Also, preoperative therapy facilitates surgical resection by decreasing the extent of the tumor thrombus and so reduces risks of massive haemorrhage or pulmonary embolus during surgery [20]. According to the SIOP–RTSG, diagnostic biopsy of renal tumors prior to neoadjuvant chemotherapy is not mandatory as WT is the most common form of kidney cancer among children and this approach can avoid a delay in treatment and the rare but possible complications that might take place after a biopsy procedure. Biopsy is also contraindicated in patients with bilateral or multifocal tumors, as it is very difficult or impossible to distinguish between WT and NRs in limited needle biopsy material [1-2,5,8,11-12,17-18,20-21,24]. Since the UMBRELLA protocol does not require histological confirmation before neoadjuvant chemotherapy, clinical manifestations, laboratory tests and imaging findings are essential to obtain a presumptive diagnosis of WT to guide therapeutic decisions [1-3,11,13,20]. The initial differential diagnosis is with extrarenal abdominal masses; once a tumor of renal origin is established, conditions to be considered in the differential diagnosis of WT include less common kidney tumors such as congenital mesoblastic nephroma (CMN), clear cell sarcoma of the kidney (CCSK), malignant rhabdoid tumor of the kidney (MRTK) and renal cell carcinoma (RCC), which are also called non-Wilms tumors (non-WT). Non-WT are usually indistinguishable from WT on imaging studies [1-2,8,10-11,13-14,20]. CMN is the predominant renal neoplasm in the first 3 months of life and is uncommon after 6 months. CMN is histologically divided into classic and cellular subtypes [8,11,13-14,20,31]. At imaging, classic CMN appears as a homogeneous solid mass, while cellular form generally is heterogeneous with areas of necrosis, hemorrhage and cystic degeneration; moreover, cellular CMN tends to be larger and present later in infancy and can exhibit aggressive behavior including encasement of vessels and invasion of adjacent organs [11,14,20,31]. CMN is usually a benign tumor, but sometimes local recurrences occur and distant metastases have been observed in cellular CMN, with the main site of metastasis the lung [8,11,14,20,31]. CCSK is known for being difficult to diagnose because has a mean age of presentation overlapping with WT and it can be indistinguishable from WT on imaging. Unlike WT, CCSK does not invade vessels and has a unique propensity to metastasize to bone and brain [8,10-11,13-14,20]. According to the UMBRELLA protocol, due to the predilection of CCSK to metastasize to bone, technetium bone scan or whole-body MRI or FDG-PET should be performed once the diagnosis is established. Brain MRI is also recommended in children with histologically confirmed CCSK [11,20]. MRTK typically occurs in children younger than 2 years of age (mean age 11 months) and it is extremely rare after 5 years of age [5,8,11,14]. On CT, MRTK may present as a large, heterogeneous soft-tissue mass and may be indistinguishable from WT. In fact, more specific imaging characteristics such as subcapsular fluid collections, tumor lobules outlined by linear calcification or separated by areas of necrosis or haemorrhage and the voluminous hilar or retroperitoneal lymphadenopathies, are not always present Moreover, given the rarity of rhabdoid tumor, it is hard to believe that renal mass is not WT [8,11,14,20]. The association of MRTK with synchronous or metachronous primary intracranial masses or brain metastases, particularly in the posterior fossa, has been recognized as a distinctive feature. Therefore, brain MRI have to be performed in children with histologically proven MRTK. Moreover, like WT, MRTK spreads to the lungs and liver [8,10-11,13-14,20]. Finally, RCC is more common than WT in adolescents and the average age at diagnosis is 10–11 years [8,11,14,32]. Specific imaging characteristics are few or absent. RCC appears smaller than WT, becomes progressively larger and can invade neighbouring tissues destroying normal renal architecture; compared to WT, RCC more often presents bilaterally and calcifications are more frequently seen. Regional lymphadenopathies and vascular invasion are commonly observed, but are also present in WT. Both WT and RCC tend to metastasize to the lung and liver, but RCC is more likely to spread to the bone. According to the UMBRELLA protocol, technetium bone scan or whole-body MRI or FDG-PET should be performed in children with histologically confirmed RCC [8,10,14,20,32]. The SIOP strategy that does not mandate a pretherapy biopsy, carries the risk of misdiagnosis and the overall probability of cases clinically and radiologically diagnosed as WT, that prove to be other tumors on histopathological examination, is about 10% [11,28,33-34]. In the study by Vujanic et al. in the 12% of patients that were clinically and radiologically consistent with WT, the biopsy revealed tumors other than WT and this rate was found to be higher in the study by Kurian JJ et al, where 18.6% of all pediatric renal tumors were non-Wilms [34-35]. The SIOP–RTSG accounts for the risk of misdiagnosis of WT by recommending direct surgery instead of preoperative chemotherapy for children aged under 6 months due to the high prevalence of CMN in this age group and in the completely cystic tumors because needle sampling does not provide sufficient material for an accurate histological diagnosis [1-2,5,33]. Moreover, to reduce the chances of a non-Wilms histology, percutaneous cutting needle biopsy (PCNB), before neoadjuvant chemotherapy should be considered in the cases of: 1) unusual clinical presentation: age > 10 years, urinary infection, septicaemia, psoas inflammation/infiltration; 2) unusual imaging findings for WT: voluminous lymphadenopathies, numerous calcifications, renal parenchyma not visible, almost totally extra-renal process, pulmonary metastasis < age of 2 years, extrahepatic and extrapulmonary metastases; 3) biological finding: hypercalcaemia [1-2,20,33]. Age at diagnosis is an important clinical criterion for recommending biopsy because in individuals over 10 years of age a renal mass is more likely to be RCC than WT [1,8,11,14,20,32-33]. Urinary infection, septicaemia and psoas inflammation/infiltration, are part of the SIOP clinical criteria for the indication of biopsy in order to rule out renal inflammatory pseudotumors that may present as unilateral solitary renal mass on imaging and may be misdiagnosed as renal tumors [20,33]. In particular, xanthogranulomatous pyelonephritis (XGP) is the most common renal inflammatory lesion mimicking a WT because in children the disease is focal, localized and without calculi [33,36]. Among SIOP radiological criteria, the presence of voluminous hilar or retroperitoneal lymphadenopathies depicted by imaging is an unusual imaging finding requiring biopsy in order to rule out MRTK and RCC [8,11,14,20,32-33]. Other imaging features abnormal enough to require biopsy are numerous calcifications to exclude neuroblastoma (NB), RCC and MRTK and the renal parenchyma not visible and almost totally extrarenal process to distinguish WT from NB with renal involvement [8,10-11,14,20,32-33]. Like WT, NB develops in the retroperitoneum and occurs mostly in children under the age of 5 years. Both WT and NB can present as large masses completely filling the retroperitoneal spaces and it is often difficult to make a clear distinction between the two types of tumors [11,14,20]. Current multiplanar imaging techniques are very useful to distinguish a renal mass from an extrarenal mass. At CT or MR imaging, renal origin is suggested by the “claw sign” of renal parenchyma surrounding the tumor, whereas NB displaces the ipsilateral kidney. In situations where the imaging demonstrates intratumoral calcifications, encasement of vessels and/or tumor crossing the midline behind the aorta, extension through neural foramina into the spinal canal and/or skeletal metastases, the diagnosis of NB is more common [11,14,20,33]. Moreover, elevations of the urine levels of the catecholamines supports diagnosis in more than 90% of cases Therefore, in all children with retroperitoneal tumors the assessment of urinary catecholamines is performed. Only in case of serious doubt of WT based on clinical presentation and imaging, PCNB and MIBG scintigraphy are recommended [20,33,37]. The presence of pulmonary metastases in children younger than 2 years of age, is an another unusual imaging finding requiring biopsy because there is strong suspicion that these children are affected by MRTK. Indeed, patients younger than two years with stage IV WT, are an absolute rarity [8,5,11,14,20,33,38]. Moreover, extrapulmonary and extrahepatic metastases are uncommon imaging features in children with WT and biopsy should be performed in order to detect MRTK and CCSK possibly associated with brain or bone metastases and to identify RCC when skeletal metastases are found [8,10-11,13-14,20,32]. Finally, hypercalcemia due to secretion of parathormone by the tumor cells, is part of the SIOP biopsy criteria. Hypercalcemia occurs mainly in young children with MRTK and CMN and is uncommon in WT [8,11,14,33]. While children under the age of 6 months with a strong suspicion of CMN are subjected to upfront surgery, those older than 6 months can be affected by cellular CMN that is indistinguishable from WT at imaging. Therefore, hypercalcemia may serve as tumor marker and as criterion for the indication of biopsy [1-2,5,11,14,20,31,33]. The application of the SIOP criteria for the indication of biopsy has been shown to be effective. In fact, in the recent study by de la Monneraye Y et al. the risk of misdiagnosis related to the SIOP strategy appears limited because only 3% of patients treated by presumptive chemotherapy finally have a non-WT [33]. When histological examination is necessary for diagnosis, PCNB is performed under general anaesthesia using large needles (16-18 Gauge) to guarantee sufficient tissue for pathologic differentiation and with the guidance of ultrasound or CT to make sure to sample solid and viable tumor and avoid sampling of necrotic or cystic areas [33-34]. Co-axial technique is mandatory because lowers the risk of local recurrence along the core-needle biopsy tract and retroperitoneal access carries little risk of disease dissemination, avoiding the peritoneal cavity [33,35]. Important complications from biopsy are possible, although rare. In the study by Vujanic et al. in 1.6% of cases PCNB led to relevant complications such as intratumoral bleeding, tumor rupture and needle track recurrence [34]. In the study by Kurian JJ et al. biopsy site recurrence was seen in 1 child with bilateral WT, instead, Monneraye Y et al. have not found cases of lumbar wall needle tract relapse [33,35]. Finally, it is important to stress that PCNB does not upstage the tumor, but anaplastic histology can be focal and missed at biopsy due to sampling error [1,11,33].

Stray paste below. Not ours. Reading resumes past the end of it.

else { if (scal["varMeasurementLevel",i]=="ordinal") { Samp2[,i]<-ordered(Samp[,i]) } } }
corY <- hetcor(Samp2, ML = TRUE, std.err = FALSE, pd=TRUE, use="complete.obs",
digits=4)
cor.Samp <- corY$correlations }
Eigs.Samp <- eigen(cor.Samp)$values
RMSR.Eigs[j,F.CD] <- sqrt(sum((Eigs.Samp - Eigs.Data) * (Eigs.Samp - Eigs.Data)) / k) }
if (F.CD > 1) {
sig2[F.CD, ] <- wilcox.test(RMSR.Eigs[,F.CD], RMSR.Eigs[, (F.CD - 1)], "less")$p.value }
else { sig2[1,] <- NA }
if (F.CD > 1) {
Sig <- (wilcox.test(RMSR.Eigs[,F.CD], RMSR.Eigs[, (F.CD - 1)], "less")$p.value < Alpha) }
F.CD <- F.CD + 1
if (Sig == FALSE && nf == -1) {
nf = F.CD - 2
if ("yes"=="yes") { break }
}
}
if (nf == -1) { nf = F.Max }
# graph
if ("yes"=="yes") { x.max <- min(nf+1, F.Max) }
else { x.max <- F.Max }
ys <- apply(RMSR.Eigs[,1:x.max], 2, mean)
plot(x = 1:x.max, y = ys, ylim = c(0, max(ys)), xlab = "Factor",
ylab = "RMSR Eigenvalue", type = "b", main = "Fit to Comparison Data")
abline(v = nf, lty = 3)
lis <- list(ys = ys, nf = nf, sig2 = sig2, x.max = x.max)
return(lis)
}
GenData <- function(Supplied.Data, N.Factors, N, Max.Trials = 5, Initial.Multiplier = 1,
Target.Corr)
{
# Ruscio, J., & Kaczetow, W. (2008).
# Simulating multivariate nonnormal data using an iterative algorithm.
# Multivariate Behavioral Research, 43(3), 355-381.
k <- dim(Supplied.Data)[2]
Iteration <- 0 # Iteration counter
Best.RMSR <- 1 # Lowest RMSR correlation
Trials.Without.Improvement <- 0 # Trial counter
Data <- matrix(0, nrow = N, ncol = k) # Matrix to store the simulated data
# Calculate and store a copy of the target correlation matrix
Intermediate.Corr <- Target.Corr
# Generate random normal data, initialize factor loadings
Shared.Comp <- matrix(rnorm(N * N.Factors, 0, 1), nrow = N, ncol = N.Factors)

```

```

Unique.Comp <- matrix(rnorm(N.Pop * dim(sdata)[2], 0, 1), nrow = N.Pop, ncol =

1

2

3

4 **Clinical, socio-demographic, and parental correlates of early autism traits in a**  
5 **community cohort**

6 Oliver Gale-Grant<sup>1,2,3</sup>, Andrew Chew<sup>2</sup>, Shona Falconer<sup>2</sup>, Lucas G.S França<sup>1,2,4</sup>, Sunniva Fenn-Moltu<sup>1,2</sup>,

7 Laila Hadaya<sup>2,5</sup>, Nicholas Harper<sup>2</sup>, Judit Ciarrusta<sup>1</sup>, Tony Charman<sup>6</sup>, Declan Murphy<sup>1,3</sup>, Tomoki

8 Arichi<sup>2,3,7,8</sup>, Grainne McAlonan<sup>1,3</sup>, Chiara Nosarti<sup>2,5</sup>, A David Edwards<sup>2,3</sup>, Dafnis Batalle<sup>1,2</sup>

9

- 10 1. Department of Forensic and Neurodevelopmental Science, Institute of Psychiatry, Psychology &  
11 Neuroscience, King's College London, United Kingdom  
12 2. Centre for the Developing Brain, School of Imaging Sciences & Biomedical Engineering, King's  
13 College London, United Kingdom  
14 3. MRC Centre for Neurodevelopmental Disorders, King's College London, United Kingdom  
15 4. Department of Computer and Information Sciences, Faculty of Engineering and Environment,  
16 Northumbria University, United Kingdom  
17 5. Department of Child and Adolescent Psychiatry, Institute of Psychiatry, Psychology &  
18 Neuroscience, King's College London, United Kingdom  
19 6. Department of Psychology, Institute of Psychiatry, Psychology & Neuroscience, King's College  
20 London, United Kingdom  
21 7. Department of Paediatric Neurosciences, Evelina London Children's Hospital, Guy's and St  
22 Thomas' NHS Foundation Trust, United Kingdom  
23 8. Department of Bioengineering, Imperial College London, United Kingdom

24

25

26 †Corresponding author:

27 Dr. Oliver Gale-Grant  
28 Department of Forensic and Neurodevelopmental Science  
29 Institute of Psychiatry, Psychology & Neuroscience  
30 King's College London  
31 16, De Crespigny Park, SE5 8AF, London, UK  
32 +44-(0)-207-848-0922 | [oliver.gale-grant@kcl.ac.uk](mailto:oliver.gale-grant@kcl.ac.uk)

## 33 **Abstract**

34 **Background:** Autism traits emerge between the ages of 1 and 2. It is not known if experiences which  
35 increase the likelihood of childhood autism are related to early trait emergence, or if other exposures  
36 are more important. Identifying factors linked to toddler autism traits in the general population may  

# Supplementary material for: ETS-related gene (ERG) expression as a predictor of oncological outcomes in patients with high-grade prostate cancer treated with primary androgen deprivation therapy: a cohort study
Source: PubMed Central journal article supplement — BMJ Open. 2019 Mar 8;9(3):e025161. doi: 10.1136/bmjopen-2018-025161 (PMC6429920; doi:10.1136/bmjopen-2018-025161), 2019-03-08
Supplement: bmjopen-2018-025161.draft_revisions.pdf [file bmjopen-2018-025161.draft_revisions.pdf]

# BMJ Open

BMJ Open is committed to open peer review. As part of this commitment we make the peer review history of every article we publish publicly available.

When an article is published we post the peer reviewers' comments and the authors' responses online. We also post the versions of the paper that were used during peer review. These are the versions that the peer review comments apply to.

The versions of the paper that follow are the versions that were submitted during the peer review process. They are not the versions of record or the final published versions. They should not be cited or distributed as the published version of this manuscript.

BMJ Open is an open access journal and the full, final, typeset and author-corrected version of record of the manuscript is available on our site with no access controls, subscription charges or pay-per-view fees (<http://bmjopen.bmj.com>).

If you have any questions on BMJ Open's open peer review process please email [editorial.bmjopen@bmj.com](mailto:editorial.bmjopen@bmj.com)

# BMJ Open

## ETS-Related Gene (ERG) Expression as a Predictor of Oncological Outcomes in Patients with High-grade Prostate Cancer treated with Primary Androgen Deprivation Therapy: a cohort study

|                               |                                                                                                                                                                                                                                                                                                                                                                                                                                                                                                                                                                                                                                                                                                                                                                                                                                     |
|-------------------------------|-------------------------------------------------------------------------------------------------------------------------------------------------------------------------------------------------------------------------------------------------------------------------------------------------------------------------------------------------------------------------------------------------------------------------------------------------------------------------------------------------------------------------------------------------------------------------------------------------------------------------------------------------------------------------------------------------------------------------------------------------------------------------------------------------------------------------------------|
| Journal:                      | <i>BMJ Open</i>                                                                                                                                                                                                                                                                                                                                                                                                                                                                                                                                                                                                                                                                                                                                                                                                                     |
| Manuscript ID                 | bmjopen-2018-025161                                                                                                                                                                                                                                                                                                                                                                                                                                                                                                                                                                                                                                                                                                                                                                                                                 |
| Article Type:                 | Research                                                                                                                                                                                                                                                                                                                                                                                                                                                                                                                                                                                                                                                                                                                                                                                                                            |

PREOPERATIVE IMAGING AND TUMOR STAGING